I was listening to the FLOSS Weekly show about FOSDEM, and the mention of LibreOffice got me curious. Each time I've opened OpenOffice, I've thought that it was slow and cumbersome beyond what it does. If there's a noticeable improvement in it's speed, it's well worth considering.

You know, for the seven times a year I really really need it.


Named Times in Crontab

I first dealt with crontab in the late 1990s, and I still run many of those same crontabs. I mean, same program, same times. So, my understanding of that tool is very tied to that time.

Of course, very little changes in technology over 15 years. </sarcasm> So I recently looked through man 5 crontab and found that there are special strings for certain common times.
@reboot Run once, at startup.
@yearly Run once a year, "0 0 1 1 *".
@annually (same as @yearly)
@monthly Run once a month, "0 0 1 * *".
@weekly Run once a week, "0 0 * * 0".
@daily Run once a day, "0 0 * * *".
@midnight (same as @daily)
@hourly Run once an hour, "0 * * * *".

Some of these come with variable utility. What are you doing on a system that's @yearly? Sending "Happy New Year!" to everybody you know? There's much here that strikes me as better done connecting to a calendar. In fact, I'm hatching an idea of setting up a calendar in Google Calendar to do that sort of wide-ranging crontabby or batchy stuff. If something runs less common than weekly, it doesn't get into my crontabs.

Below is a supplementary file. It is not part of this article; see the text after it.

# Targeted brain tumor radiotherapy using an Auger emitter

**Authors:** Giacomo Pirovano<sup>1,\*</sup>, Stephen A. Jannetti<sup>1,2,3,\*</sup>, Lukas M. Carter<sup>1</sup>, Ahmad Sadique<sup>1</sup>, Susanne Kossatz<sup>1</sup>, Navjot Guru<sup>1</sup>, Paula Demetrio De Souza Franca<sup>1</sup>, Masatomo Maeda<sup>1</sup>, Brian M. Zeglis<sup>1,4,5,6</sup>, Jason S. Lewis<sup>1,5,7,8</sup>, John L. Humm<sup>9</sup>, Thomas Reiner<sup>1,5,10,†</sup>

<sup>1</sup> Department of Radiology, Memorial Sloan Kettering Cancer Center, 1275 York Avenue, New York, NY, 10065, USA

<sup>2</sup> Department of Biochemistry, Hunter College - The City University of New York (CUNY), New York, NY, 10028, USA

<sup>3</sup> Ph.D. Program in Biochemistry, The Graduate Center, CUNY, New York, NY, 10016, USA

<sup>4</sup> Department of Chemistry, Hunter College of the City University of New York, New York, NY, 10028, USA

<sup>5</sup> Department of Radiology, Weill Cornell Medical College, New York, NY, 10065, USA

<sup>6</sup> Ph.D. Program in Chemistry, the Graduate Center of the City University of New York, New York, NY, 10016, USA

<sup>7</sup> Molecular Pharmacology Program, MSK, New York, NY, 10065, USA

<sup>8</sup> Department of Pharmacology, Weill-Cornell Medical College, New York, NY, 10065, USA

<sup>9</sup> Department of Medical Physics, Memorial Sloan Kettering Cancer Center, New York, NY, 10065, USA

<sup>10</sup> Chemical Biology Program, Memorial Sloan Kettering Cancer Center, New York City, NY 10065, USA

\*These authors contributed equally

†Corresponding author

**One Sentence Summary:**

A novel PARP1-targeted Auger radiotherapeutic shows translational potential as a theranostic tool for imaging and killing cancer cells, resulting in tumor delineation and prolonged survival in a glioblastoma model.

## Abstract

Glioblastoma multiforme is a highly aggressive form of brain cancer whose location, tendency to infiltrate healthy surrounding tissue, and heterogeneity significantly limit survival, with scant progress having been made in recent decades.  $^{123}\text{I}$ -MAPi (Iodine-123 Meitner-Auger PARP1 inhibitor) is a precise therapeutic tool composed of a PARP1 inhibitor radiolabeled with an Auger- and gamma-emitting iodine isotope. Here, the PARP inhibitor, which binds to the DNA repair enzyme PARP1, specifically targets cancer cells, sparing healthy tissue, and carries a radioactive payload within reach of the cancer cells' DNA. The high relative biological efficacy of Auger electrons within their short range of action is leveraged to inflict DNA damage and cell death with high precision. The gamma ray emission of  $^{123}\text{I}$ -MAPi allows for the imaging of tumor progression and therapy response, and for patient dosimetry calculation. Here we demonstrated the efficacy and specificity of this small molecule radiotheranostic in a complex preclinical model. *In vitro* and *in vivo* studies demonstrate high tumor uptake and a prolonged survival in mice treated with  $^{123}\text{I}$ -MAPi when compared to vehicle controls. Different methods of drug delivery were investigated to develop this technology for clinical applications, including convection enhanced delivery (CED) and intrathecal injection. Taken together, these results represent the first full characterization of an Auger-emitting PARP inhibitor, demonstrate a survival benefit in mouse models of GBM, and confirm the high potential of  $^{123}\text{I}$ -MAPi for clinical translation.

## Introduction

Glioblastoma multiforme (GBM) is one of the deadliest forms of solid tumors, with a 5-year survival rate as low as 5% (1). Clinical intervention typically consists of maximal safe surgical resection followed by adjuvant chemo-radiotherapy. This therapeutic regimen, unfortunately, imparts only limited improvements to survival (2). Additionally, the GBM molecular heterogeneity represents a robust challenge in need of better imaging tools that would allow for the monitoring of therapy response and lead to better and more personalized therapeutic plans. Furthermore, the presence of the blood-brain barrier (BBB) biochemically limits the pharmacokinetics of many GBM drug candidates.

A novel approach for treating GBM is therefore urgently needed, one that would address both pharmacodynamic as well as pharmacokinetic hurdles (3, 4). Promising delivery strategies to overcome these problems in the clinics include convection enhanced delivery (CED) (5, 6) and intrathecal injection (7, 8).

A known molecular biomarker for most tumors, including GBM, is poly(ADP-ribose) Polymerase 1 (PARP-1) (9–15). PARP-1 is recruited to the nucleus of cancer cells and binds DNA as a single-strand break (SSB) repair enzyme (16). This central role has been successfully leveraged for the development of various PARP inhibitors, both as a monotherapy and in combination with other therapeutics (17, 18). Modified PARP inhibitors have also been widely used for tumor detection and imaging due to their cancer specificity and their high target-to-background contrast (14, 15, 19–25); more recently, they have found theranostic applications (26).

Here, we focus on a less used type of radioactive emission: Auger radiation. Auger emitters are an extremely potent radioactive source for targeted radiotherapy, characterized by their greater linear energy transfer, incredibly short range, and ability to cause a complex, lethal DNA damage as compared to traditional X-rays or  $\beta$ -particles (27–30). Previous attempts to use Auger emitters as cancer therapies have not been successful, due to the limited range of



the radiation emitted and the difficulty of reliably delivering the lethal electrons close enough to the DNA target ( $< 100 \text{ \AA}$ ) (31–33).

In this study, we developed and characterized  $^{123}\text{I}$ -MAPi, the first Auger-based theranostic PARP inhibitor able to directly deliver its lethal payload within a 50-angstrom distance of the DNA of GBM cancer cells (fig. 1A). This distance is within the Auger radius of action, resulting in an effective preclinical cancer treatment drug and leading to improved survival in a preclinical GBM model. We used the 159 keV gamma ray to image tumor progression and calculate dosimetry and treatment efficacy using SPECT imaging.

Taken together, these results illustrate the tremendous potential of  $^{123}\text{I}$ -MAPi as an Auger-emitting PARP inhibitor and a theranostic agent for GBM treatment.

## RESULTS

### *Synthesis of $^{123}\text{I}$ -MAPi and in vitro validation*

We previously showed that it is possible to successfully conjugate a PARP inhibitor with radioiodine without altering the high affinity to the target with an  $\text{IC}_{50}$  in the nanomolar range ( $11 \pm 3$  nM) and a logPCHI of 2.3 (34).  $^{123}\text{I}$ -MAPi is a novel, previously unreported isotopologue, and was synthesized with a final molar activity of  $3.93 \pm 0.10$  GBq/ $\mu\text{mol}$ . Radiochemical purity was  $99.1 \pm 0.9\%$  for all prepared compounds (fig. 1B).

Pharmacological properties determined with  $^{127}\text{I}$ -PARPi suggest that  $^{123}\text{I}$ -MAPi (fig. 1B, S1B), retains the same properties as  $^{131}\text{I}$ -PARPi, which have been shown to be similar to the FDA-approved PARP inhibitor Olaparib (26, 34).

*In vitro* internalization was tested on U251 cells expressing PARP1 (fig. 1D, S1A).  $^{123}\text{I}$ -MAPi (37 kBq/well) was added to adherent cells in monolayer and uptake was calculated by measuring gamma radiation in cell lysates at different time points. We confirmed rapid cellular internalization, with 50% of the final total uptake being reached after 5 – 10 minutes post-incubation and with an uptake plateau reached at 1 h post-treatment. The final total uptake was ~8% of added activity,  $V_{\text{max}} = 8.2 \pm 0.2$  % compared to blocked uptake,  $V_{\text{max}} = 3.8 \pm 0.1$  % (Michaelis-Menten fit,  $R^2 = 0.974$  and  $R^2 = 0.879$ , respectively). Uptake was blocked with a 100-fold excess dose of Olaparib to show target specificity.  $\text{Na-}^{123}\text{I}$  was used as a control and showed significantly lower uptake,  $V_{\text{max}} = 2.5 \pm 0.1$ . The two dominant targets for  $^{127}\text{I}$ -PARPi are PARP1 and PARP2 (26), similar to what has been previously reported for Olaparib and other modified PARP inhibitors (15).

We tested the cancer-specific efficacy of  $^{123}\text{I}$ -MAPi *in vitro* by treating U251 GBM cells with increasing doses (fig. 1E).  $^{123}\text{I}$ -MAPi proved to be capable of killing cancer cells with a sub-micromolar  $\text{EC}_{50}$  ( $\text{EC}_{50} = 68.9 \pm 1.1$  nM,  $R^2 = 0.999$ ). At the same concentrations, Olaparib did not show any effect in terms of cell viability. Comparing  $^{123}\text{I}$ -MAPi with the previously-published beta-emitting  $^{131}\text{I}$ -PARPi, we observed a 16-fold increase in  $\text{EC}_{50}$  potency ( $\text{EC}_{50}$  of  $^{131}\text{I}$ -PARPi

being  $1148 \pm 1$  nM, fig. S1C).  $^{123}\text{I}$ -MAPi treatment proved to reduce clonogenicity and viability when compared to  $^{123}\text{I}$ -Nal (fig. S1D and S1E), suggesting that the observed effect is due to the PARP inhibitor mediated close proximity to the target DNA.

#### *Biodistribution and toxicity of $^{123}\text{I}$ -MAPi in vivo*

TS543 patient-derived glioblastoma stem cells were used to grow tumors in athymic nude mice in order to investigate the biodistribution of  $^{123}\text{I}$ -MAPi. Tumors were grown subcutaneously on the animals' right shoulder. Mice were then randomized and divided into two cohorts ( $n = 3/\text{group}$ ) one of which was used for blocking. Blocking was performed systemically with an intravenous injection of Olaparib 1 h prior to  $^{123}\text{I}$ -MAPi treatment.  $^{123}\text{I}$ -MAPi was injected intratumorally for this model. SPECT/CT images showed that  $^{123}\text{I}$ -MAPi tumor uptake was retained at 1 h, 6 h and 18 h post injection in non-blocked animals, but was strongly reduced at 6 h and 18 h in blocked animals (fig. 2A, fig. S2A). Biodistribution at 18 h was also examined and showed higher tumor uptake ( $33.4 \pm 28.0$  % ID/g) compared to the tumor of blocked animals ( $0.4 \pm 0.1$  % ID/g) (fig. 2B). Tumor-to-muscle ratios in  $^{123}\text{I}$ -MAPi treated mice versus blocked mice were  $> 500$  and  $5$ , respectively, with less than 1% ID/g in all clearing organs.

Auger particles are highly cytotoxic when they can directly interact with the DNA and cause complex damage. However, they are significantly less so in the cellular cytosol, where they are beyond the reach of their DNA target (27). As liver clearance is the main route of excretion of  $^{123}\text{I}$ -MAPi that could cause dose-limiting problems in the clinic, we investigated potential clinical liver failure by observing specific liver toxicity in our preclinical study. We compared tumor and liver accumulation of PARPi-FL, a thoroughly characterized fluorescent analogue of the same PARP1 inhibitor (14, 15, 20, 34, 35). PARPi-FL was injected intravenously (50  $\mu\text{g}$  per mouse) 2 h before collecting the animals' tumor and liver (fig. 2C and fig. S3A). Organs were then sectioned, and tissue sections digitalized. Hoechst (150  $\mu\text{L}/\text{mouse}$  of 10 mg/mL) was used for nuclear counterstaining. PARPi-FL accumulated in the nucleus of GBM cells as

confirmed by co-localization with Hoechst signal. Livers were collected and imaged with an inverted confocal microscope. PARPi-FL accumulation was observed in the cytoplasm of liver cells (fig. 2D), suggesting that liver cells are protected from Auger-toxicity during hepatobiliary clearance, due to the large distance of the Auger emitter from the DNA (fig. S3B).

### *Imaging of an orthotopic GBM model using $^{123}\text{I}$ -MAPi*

I'm really drawn to the @reboot string. For my work setup, I have FUSE mounts to a great number of machines (which I really use) and a specific line to configure the line-in to go directly to line-out so I can route my Windows box and Android phone through my Linux box to my headphones. I've put those commands into my crontab at @reboot.


Items from the Feed - Tying Down The Uplink

A couple of issues here. First, Sara Underwood is pretty, but that voice! Almost like fingernails on a chalkboard.

Anyway, one of the issues she brings up is wide-open home networks. The warning wasn't folks coming into your WiFi, infecting your PCs and stealing private stuff. It's glomming onto your network and "stealing" your bits.

Honestly, before I moved, I never encrypted my WiFi. I never thought it was worth it. Different neighborhood, with more people closer, and the new access point came with it up by default. As long as they don't use enough to mess up your video streaming, why not?

Pondering the Future, the Shock of the New, and Defining The Terms

I think I have to start with The New X here. I've gone on about The New Telephone and The New Television without really defining my conception, my mindset. I think it's obvious what I mean with those, but when I hit the next topic on my mind, you get a certain Bob Barker connotation.